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The Five Days of Black 'Friday': Election Behind Them, Consumers Spend, Spend, Spend

The mega-retail event is predicted to yield the biggest Black Friday sales in history as consumers, with the election behind them, open their wallets.
Image: Customer pushes his shopping cart during the Black Friday sales event on Thanksgiving Day at Target in Chicago
A customer pushes his shopping cart during the Black Friday sales event on Thanksgiving Day at Target in Chicago, Illinois, on Nov. 24, 2016.KAMIL KRZACZYNSKI / Reuters

Black Friday isn't just on Friday anymore.

The annual holiday mega-retail event began Thanksgiving evening in many stores, and the corresponding deals, continuing through the weekend, are predicted to yield the biggest Black Friday sales in history.

In its annual holiday shopping forecast, the National Retail Federation expects holiday sales to increase 3.6 percent — higher than the seven-year average since the Great Recession. The growth is expected to create 690,000 new seasonal jobs as consumers relieved that a nasty presidential campaign is behind them open their wallets, the federation said.

Caity Jackson of Lima, Ohio, was one of many who got an early start by walking off her Thanksgiving turkey dinner at Lima Mall on Thursday.

"We had dinner at 1, then we were at Penney's by 3, waited in line at Old Navy and have been in line at Victoria's Secret waiting to get in," Jackson told NBC station WLIO on Thursday night.

Image: Shoppers exits a Best Buy after purchasing electronic items during Black Friday sales in San Diego
A shopper leaves a Best Buy after purchasing electronic items during Black Friday sales in San Diego, California, late Thursday.SANDY HUFFAKER / AFP - Getty Images

"A lot of people take this time to be together," she said. "They may eat early and then come out and shop early and spend all night shopping — and we love it."

A line of shoppers snaked around a Best Buy store in Williston, Vermont, before 5 p.m. Thursday. Some told NBC station WPTZ of Burlington that thay'd been there since 9 in the morning.

"I'm buying one laptop for my mom and then another for my friend, and they're both paying me backm because they didn't want to wait in line," one of them, Niki Rodgers, said Thursday night.

But people aren't necessarily going to the stores. Shoppers continue to take more and more of their business online.

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Adobe Digital Insights said in its annual holiday shopping predictions that it expects sales to go as high as $8.4 billion in three days of online shopping: $2 billion on Thanksgiving Day, $3.05 billion on Black Friday and $3.36 billion on Cyber Monday — which it said would be biggest online shopping day of all time.

"The deals are on," said Vitaly Pecharsky, head of tech operations for the online deals site Slickdeals.

"Basically, until a week before Christmas, we're going to see a lot of sales," Pecharsky told NBC station KSNV of Las Vegas. "You'll see Black Friday 2.0 and Black Friday 3.0."

Related: Black Friday Is Also the Best Time to Get a Travel Steal

Pecharsky said Thursday that the big sales drivers are TVs, gaming consoles tablets and laptops.

"We've seen deals go in 60 seconds," he said. "You have to have your credit card ready, you have to have your shipping address ready and you have to go."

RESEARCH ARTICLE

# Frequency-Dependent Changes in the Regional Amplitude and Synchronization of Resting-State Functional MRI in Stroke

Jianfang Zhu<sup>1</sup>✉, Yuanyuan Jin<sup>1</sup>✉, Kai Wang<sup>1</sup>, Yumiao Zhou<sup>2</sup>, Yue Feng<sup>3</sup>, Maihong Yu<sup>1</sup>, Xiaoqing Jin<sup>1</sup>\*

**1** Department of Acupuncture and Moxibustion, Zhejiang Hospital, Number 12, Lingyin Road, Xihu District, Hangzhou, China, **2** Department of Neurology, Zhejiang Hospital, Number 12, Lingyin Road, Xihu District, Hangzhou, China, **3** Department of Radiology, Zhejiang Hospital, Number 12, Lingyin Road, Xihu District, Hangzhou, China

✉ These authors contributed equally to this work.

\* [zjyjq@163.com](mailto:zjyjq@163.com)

In case you do miss your deal online, physical stores are pulling out all the stops.

Walmart made sure it had plenty of stock on hand to meet its Black Friday promises, filling its digital and physical aisles with more than 1.5 million televisions, nearly 2 million tablets and computers and 3 million video games.

Related: Black Friday Shopping: Your Guide to Avoiding the Duds

Macy's opened its doors at 5 p.m. on Thanksgiving Day and remained open until 2 a.m. for holiday shoppers looking for the department store's promised deals. The stores reopened at 6 a.m. on Black Friday.

IMAGE: Macy's in New York
Thousands of shoppers flocked to Macy's Herald Square in New York City on Thursday to get a jump on Black Friday sales.Donald Traill / AP

Macy's said that it's staffing stores with every associate who volunteered for the shifts, all of whom will get overtime pay.

But some stores and organizations are telling consumers to forget about the deals and to "opt out." The outdoor clothing and equipment chain REI went dark for Thanksgiving and Black Friday to promote "#OptOutside" with the help of 275 other organizations.

The company closed all of its stores and said it would process no online sales — while still paying its more than 12,000 employees for a full day's work.

But this favored day of retailers also takes on a tinge of politics, as protesters aim to disrupt a few shopping opportunities.

In New York City, demonstrators opposed to President-elect Donald Trump plan to take to the streets outside Niketown inside Trump Tower. The protesters want the store not to renew its lease, which ends in 2017 — and earns Trump, the landlord, a princely (or should that be presidentially?) chunk of change.

Related: How to Keep Your Spending in Check This Holiday Season

Meanwhile, the Chicago Alliance Against Racist and Political Repression has organized a boycott of Black Friday sales on Chicago's Magnificent Mile, the stretch of Michigan Avenue that's filled with upscale retailers.

The boycott is in response to the city's refusal to create an elected Civilian Police Accountability Council to ramp up oversight of the city's police.

"We have called for a Boycott of the Magnificent Mile on Black Friday because if we can have no justice then the corporate power brokers, and corrupt politicians, will no longer be allowed to profit from our misery and oppression," the organizers said in a statement.